Adoption sounds like it should be straightforward. But sometimes it’s not. In fact, sometimes it can seem daunting. From home checks to questionnaires to adoption fees, you might wonder if “adopt, don’t shop” is actually worth it. It is. But preparing yourself for the process can make adoption a whole lot easier. So, how do you prepare for rabbit adoption?
Why You Should Adopt
There are a lot of reasons to adopt rabbits.
First, when you adopt a rabbit you’ll save a life. Most rabbits come to rescues through no fault of their own. Give a great pet a second chance.
Also, the adoption fee covers more than the cost of the rabbits. They may include:
- Spay / neuter
- Behavioural training (if necessary)
Some rescue organizations, like Beloved Rabbits also offer rabbit care advice and bonding services.
Finally, when you adopt, chances are, your new pet has already been part of a family or foster family before. They know the ropes!
Where to Adopt Rabbits
What to Consider Before You Adopt
Adopting rabbits isn’t as easy as paying the fees and bringing your bunnies home. Rabbits aren’t simple pets, and they require specialized care. Before you adopt, consider the following.
Rabbits Are NOT Low Maintenance Pets
Think you can adopt a rabbit, stick your bunny in a hutch and visit once in a while? Think again.
Rabbits have complex social needs, as well as the physical needs that we all have. They want to be part of your family, and can suffer physically as well as emotionally if they are lonely. For this reason, rabbit welfare organizations recommend keeping more than one rabbit.
So before you adopt a rabbit, make sure you have the time to give your rabbits the regular attention that they need.
Rabbits Don’t Like Being Cuddled
Who doesn’t look at a bunny and want to cuddle it? Unfortunately, most rabbits don’t feel the same way.
You see, rabbits are prey animals. This means that they generally assume that anything larger than themselves will try to eat them. If you surprise a rabbit by picking it up, it might bite or scratch you. It may also injure itself trying to escape.
If you slowly and patiently earn your rabbits’ trust, they may allow you to pick them up. But then again, they may not.
If you’re looking for a pet to cuddle, you’d do better with a cat or dog than with a rabbit.
Bunnies Need a Special Vet
Every pet will need a vet at some point. But many general veterinarians do not treat rabbits. Before you adopt a rabbit, make contact with a rabbit vet and, possibly an emergency rabbit vet. That way, when you need a vet, you’ll be prepared.
Some care your rabbit might need includes:
- Spay / neuter
- Flea control
- Dental care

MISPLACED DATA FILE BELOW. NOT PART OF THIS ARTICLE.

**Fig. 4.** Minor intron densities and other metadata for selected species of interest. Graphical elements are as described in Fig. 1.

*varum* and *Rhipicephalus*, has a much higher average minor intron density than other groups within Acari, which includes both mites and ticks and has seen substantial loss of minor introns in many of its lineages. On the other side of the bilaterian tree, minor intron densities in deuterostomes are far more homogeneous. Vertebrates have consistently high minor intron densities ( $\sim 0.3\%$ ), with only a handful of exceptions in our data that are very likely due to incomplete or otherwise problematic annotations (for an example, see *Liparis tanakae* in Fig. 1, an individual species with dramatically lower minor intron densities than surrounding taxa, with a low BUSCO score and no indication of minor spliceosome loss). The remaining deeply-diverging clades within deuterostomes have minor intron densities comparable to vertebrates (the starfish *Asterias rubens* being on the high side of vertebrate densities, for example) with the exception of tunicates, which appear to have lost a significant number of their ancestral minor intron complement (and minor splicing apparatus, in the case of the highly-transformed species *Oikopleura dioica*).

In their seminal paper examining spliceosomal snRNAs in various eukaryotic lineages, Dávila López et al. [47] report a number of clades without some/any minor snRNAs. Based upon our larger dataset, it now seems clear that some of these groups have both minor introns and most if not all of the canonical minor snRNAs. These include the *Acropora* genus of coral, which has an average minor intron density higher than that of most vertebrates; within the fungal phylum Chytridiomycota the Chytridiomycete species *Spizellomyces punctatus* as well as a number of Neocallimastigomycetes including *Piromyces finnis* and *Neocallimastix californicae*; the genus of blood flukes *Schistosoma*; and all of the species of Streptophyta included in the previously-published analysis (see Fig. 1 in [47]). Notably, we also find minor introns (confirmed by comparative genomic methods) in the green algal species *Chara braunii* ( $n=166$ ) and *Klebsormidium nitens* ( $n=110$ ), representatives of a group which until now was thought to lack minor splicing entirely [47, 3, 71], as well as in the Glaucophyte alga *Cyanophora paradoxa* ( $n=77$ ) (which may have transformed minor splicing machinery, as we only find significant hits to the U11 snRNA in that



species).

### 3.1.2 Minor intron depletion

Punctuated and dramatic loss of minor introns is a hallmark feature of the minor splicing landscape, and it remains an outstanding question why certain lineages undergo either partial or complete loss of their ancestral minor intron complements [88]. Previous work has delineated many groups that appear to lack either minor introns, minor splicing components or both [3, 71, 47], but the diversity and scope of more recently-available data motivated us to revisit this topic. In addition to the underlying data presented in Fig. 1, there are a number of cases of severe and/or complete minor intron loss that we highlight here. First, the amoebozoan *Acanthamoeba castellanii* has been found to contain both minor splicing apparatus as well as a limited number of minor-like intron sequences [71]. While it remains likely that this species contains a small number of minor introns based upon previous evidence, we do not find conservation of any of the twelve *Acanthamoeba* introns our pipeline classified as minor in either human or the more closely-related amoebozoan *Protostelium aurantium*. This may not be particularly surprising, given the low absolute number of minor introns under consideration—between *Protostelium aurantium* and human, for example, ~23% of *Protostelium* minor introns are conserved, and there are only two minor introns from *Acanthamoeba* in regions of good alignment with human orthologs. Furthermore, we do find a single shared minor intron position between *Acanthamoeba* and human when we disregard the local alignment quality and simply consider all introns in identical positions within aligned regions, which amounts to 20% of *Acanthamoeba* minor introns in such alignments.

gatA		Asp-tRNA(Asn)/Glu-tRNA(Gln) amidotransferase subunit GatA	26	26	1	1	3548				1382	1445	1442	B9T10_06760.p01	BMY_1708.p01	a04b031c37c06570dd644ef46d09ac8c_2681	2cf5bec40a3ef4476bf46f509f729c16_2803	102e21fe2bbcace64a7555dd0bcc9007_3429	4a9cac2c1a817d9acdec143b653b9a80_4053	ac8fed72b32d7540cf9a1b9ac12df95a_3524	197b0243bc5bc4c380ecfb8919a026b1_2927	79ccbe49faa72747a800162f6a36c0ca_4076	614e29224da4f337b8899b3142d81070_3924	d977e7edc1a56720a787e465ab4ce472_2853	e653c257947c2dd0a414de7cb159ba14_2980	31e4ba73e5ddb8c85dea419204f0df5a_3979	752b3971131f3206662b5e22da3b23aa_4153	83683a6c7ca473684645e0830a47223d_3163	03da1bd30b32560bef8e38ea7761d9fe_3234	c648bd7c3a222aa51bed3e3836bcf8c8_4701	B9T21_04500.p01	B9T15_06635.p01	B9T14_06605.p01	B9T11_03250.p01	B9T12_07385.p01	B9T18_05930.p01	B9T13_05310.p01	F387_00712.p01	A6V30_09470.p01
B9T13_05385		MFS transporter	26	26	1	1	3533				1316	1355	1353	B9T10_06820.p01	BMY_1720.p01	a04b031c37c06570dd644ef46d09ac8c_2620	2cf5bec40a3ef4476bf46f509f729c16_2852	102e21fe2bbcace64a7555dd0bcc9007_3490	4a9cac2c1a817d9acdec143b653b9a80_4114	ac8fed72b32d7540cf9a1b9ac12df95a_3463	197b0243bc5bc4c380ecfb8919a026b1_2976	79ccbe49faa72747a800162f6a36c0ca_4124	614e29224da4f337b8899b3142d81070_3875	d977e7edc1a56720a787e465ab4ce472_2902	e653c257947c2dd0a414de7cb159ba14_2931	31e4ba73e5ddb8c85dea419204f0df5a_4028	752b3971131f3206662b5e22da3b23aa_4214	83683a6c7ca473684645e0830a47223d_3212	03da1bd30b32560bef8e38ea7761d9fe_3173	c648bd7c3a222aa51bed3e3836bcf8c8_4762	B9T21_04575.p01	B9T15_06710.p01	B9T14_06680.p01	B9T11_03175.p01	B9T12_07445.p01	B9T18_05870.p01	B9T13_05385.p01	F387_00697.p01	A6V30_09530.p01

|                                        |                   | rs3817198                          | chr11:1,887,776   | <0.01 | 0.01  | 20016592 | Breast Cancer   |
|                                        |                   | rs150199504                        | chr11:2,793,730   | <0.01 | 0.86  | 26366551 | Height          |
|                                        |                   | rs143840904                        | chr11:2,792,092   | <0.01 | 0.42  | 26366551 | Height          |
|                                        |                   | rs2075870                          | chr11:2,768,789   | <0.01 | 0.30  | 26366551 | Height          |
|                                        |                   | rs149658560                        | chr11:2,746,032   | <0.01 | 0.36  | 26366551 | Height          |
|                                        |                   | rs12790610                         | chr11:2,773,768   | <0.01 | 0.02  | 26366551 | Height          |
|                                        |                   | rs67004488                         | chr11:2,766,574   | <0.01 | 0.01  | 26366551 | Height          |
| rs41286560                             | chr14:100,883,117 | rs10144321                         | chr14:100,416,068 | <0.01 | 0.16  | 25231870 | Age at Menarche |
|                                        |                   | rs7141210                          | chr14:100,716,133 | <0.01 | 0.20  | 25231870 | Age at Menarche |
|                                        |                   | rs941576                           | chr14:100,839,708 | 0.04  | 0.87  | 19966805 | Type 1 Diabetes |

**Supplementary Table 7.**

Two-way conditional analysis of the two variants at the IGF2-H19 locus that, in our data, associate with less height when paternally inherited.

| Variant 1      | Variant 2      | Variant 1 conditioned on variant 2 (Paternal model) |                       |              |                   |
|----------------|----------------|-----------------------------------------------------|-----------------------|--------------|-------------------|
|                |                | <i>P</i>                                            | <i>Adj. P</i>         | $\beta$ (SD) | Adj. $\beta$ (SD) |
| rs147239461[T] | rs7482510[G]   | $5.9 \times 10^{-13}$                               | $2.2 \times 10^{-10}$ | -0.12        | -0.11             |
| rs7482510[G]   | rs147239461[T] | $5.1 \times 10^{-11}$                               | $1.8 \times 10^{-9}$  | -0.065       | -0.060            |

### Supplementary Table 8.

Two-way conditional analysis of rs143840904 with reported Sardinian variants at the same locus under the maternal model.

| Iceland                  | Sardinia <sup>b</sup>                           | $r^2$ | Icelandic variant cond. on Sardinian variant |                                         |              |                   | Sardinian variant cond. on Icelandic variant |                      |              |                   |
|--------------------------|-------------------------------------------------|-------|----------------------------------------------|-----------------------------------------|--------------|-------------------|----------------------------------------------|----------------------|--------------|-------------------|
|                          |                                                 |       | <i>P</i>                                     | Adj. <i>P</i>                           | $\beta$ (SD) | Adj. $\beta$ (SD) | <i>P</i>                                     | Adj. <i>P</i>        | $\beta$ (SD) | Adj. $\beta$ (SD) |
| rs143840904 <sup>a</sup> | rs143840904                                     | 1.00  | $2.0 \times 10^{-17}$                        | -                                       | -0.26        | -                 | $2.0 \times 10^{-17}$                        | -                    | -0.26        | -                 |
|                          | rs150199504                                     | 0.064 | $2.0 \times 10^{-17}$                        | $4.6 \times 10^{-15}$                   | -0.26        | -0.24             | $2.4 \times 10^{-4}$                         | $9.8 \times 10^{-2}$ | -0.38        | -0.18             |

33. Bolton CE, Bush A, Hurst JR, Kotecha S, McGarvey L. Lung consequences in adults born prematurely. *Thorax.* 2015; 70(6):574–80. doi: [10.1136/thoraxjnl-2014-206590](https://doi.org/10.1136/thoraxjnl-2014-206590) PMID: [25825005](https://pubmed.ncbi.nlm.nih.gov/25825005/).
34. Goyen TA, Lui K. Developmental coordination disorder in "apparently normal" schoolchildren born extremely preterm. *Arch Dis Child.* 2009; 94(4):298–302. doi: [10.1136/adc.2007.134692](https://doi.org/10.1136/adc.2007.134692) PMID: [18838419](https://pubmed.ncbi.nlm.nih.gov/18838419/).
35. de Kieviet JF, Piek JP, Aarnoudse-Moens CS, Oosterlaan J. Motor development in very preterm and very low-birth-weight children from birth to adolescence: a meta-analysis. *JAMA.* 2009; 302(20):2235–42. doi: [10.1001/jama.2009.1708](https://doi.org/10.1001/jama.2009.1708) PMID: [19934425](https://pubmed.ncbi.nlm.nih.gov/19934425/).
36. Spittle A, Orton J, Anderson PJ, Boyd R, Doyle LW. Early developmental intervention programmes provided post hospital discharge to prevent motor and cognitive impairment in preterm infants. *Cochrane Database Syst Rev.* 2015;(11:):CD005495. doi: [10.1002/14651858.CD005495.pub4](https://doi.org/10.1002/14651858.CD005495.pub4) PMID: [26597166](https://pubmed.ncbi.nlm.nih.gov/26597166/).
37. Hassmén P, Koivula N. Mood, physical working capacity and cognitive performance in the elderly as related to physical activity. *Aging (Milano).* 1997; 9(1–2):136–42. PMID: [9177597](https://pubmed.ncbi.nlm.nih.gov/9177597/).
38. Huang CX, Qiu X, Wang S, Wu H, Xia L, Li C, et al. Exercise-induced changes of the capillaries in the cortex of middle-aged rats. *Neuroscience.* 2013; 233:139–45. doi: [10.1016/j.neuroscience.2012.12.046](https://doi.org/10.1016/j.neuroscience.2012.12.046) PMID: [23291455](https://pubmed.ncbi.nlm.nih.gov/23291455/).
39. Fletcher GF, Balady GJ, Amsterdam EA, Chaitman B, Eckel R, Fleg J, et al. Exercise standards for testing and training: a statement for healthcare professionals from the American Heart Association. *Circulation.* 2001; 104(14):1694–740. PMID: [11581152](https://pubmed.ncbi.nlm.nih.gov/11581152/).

- Nail trimming
- GI Stasis
- Treatment for flystrike
The RWAF maintains a database of rabbit vets in the UK, to help with your search.
Rabbits Live a Long Time
With proper care and feeding, a pet rabbit may live between eight and twelve years. Are you prepared to take care of a pet for that long?
Rabbits Need a Lot of Living Space
We agree with the Rabbit Welfare Association and Fund: a hutch is not enough. In addition to spacious living quarters, rabbits need all-day access to a large amount of exercise space.
When you adopt a rabbit your rabbit setup should include a spacious, predator-proof, weatherproof hutch or shed. It should also include a run or other dig proof area that your rabbit can access all day long for exercise.
The Adoption Process: What to Expect
What should you expect when you go to adopt a rabbit? Here are a few things you might encounter.
1. The Questionnaire
The goal of any animal rescue is to find the best home for that rescue’s animals. So the first step is often asking questions to determine suitability of an applicant’s home. You may fill out the question at the rescue itself or online. Or a representative may ask you questions over the phone.
Some questions a rescue might ask you include:
- Your address
- Whether you’ve owned rabbits or other pets before
- What happened to them
- Whether you currently own rabbits
- How many pets are already in your home
- What types of pets you currently have
- Why you wish to adopt at this time
- Whether there are children in your home
- How many people of any age live in the home
- The ages of household members
- Whether you intend for the rabbit to live outside or inside
- If you own your home or rent
- If your home has a garden
- Whether you currently have a vet
- If you intend to adopt one rabbit or more than one
- How much time you plan to spend with your adopted rabbit
- Where your adopted rabbit will live
- What type of outdoor access your adopted rabbit may have
To name a few.
2. A Vet Check